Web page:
A guide to weather in Portugal

It might seem pretty obvious that Portugal is a hot and sunny country, but don’t think that’s all this fantastic destination has to offer. Like any other country on Earth, Portugal enjoys its own unique approach to the seasons of the year, and different parts of the country will offer you different experiences, depending on when you visit and how far north or south they are.

Most holidaymakers heading to Portugal gravitate to the bustling and sunny shores of the Algarve area, but don’t discount a break to the islands of Madeira either. Our team of experts have put together a handy guide that’ll help you get ready for your time in the Portuguese sun.

Seasons in Portugal

If you look at a map of the world, you’ll find that Portugal has similarities to the UK, inasmuch as it’s a narrow country with the same timezone. This means that, unlike the tropical countries of Asia or even other countries just a little further south, Portugal has the same cycle of spring, summer, autumn and winter that most other European countries enjoy.

With that in mind, you can expect the hottest times of the year to be the summer months of June, July and August, followed closely by spring’s March, April and May. For those six months of the year, temperatures rarely dip below a warm and welcome 20°C.

However, in the height of summer, you’re going to be seeing days often surpassing 30°C, so you’ll want to pack sunglasses, sunscreen and light, breathable clothes. 12 hours of non-stop sun is the norm in the long sunshine days you’ll be enjoying in the warmer months.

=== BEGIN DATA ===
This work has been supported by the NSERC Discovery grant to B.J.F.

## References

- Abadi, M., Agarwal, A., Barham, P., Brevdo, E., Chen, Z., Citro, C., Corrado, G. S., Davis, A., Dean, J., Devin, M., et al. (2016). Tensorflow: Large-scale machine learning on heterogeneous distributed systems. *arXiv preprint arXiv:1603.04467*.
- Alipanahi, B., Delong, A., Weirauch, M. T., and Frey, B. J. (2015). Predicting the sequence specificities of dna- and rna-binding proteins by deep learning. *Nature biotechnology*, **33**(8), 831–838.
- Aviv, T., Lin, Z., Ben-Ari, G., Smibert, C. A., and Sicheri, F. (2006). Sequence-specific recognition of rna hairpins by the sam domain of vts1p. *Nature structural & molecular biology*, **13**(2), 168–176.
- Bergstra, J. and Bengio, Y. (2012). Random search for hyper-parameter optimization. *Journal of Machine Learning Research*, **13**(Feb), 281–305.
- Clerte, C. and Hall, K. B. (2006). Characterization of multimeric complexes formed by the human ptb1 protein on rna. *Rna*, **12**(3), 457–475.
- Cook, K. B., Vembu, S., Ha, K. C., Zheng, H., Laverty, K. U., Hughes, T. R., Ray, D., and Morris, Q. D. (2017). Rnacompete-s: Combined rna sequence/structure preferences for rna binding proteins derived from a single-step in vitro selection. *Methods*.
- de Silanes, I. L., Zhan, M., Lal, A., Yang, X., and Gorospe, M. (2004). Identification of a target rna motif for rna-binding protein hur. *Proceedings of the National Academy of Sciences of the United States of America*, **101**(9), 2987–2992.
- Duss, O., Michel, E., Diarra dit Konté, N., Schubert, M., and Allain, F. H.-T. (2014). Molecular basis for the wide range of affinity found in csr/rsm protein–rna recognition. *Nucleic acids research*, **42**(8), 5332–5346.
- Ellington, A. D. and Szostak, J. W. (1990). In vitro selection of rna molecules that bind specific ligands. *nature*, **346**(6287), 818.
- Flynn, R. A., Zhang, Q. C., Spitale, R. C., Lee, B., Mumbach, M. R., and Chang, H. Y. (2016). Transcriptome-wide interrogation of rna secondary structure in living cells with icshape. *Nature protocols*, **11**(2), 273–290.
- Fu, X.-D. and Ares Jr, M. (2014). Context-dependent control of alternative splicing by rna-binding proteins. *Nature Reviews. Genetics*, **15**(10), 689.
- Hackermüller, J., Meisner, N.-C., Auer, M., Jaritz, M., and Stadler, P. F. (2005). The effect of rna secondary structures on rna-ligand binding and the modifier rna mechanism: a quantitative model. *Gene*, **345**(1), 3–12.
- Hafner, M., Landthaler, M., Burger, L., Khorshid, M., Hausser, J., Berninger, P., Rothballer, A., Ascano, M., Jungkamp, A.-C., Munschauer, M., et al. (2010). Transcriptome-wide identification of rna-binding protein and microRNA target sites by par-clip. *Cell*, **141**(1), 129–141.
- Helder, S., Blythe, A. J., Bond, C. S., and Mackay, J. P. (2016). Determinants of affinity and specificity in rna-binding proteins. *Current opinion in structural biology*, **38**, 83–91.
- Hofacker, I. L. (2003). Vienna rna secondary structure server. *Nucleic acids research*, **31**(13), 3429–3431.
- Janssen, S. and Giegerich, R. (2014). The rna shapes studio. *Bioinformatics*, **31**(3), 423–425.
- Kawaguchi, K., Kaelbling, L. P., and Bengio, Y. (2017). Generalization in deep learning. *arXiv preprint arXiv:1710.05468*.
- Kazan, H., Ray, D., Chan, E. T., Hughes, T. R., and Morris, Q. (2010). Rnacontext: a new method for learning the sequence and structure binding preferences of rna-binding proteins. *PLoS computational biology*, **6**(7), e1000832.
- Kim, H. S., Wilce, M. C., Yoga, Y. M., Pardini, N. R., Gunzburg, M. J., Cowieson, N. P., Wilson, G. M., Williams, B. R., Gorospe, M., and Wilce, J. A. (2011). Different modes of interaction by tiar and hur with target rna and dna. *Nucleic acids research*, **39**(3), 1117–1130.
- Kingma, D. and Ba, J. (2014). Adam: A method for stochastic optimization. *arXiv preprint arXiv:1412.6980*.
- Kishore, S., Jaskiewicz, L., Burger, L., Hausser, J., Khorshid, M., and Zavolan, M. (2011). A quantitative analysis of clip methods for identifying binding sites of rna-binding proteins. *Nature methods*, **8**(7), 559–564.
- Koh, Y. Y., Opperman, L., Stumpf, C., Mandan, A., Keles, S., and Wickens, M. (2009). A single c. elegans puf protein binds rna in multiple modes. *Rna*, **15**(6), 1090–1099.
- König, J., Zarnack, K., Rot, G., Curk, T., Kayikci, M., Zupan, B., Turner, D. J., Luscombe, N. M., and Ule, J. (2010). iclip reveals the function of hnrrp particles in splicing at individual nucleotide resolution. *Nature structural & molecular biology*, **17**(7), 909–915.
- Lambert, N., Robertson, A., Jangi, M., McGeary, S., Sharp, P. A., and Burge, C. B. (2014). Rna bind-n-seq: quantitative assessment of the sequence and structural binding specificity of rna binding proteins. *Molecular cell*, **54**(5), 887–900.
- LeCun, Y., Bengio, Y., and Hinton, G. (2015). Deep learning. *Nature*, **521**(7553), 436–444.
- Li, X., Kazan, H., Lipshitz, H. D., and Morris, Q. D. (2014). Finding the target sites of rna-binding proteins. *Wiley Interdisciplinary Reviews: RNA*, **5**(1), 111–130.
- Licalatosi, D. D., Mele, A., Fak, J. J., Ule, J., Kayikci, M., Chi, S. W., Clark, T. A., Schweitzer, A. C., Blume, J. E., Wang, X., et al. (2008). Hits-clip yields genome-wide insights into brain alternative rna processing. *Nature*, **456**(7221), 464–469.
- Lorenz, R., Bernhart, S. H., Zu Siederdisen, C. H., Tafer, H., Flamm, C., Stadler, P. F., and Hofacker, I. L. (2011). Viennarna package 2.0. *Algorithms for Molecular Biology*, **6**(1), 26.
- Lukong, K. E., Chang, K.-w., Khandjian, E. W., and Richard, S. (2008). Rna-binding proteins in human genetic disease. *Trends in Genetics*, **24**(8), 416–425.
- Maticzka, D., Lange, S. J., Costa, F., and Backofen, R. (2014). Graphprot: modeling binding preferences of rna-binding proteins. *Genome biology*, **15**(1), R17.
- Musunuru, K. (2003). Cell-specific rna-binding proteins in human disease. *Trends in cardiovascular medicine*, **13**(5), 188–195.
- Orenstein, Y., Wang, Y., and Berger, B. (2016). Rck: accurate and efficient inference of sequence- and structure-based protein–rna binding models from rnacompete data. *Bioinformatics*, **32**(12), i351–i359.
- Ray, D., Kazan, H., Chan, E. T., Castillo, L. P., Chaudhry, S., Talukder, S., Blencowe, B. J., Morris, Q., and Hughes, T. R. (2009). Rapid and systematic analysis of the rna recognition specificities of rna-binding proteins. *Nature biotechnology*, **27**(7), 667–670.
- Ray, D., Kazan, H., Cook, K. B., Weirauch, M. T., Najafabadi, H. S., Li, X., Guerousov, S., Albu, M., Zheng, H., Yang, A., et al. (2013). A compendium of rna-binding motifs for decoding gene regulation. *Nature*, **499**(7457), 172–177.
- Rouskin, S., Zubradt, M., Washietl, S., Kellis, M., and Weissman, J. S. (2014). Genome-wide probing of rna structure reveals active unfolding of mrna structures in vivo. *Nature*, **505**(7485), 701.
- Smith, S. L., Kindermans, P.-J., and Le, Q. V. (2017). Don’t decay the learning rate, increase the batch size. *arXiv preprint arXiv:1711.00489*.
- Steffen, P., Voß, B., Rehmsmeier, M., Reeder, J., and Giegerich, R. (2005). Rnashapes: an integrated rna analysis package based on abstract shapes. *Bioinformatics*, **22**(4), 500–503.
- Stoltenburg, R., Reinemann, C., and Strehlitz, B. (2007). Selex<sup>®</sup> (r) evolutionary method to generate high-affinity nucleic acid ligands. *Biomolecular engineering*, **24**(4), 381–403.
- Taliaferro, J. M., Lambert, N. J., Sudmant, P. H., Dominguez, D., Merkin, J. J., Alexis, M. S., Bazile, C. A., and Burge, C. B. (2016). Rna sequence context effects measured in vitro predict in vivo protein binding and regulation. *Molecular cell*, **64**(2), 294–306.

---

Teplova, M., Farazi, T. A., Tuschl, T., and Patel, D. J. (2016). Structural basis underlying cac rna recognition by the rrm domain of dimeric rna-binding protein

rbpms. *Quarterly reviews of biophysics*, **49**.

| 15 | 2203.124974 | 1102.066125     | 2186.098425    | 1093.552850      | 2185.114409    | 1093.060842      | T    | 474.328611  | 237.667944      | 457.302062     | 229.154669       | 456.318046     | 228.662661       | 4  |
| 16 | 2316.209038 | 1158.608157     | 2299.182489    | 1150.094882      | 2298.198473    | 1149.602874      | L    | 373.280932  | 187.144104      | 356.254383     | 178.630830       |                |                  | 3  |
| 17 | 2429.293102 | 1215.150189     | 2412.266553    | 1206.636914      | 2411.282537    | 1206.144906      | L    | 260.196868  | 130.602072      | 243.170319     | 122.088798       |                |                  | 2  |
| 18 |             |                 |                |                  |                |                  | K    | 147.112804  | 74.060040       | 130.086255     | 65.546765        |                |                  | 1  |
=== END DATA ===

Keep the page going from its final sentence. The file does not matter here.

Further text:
If a winter break is more on your agenda, you should be aware that winter is a fairly rainy time in Portugal. Having said that, autumn and winter in Portugal still beat what you’ll put up with back home, with 17°C in the cooler months presenting a pretty respectable average.

It’s no wonder so many people are choosing to make Portugal their winter break destination of choice. September and October are becoming popular months for holidaymakers looking to beat the traditional holiday bustle of high summer.

North versus South

The popularity of southern coastal regions of Portugal for holidaymakers is real for a reason. Put simply, it’s the hottest part of the country for most of the year, although the whole country enjoys no small amount of sunshine. It’s in the south that you’re most likely to experience those dizzying temperature highs that leave the sweltering benchmark of 30°C far behind.

Meanwhile, in the far north of Portugal, temperatures are still warm, yet they’re more close to matching the kinds of winters you’re used to back home, or in other countries further north in Central Europe. Some northern Portuguese mountain ranges remain snowcapped right until the middle of spring, while the Algarve in the south is already well on its way to a seasonal high by that time.

The difference in Madeira

The Portuguese island of Madeira is a fair distance from mainland Portugal and, although the island is classified by many experts as subtropical, for the most part the weather remains entirely Mediterranean. That means you’re going to find the warmth here similar to Portugal, with the key difference being that the overall yearly average is less extreme between seasons.

In winter, expect nothing below 15°C, and in summer, expect nothing much higher than 25°C. However, with the rain season hitting towards the end of the year, most visitors to Madeira still choose late summer and early autumn as their preferred time to visit.

Whether you’re going to Madeira or Portugal, one thing’s for certain, and that’s the guarantee of glorious sunshine and a fantastic climate that’s yours to enjoy.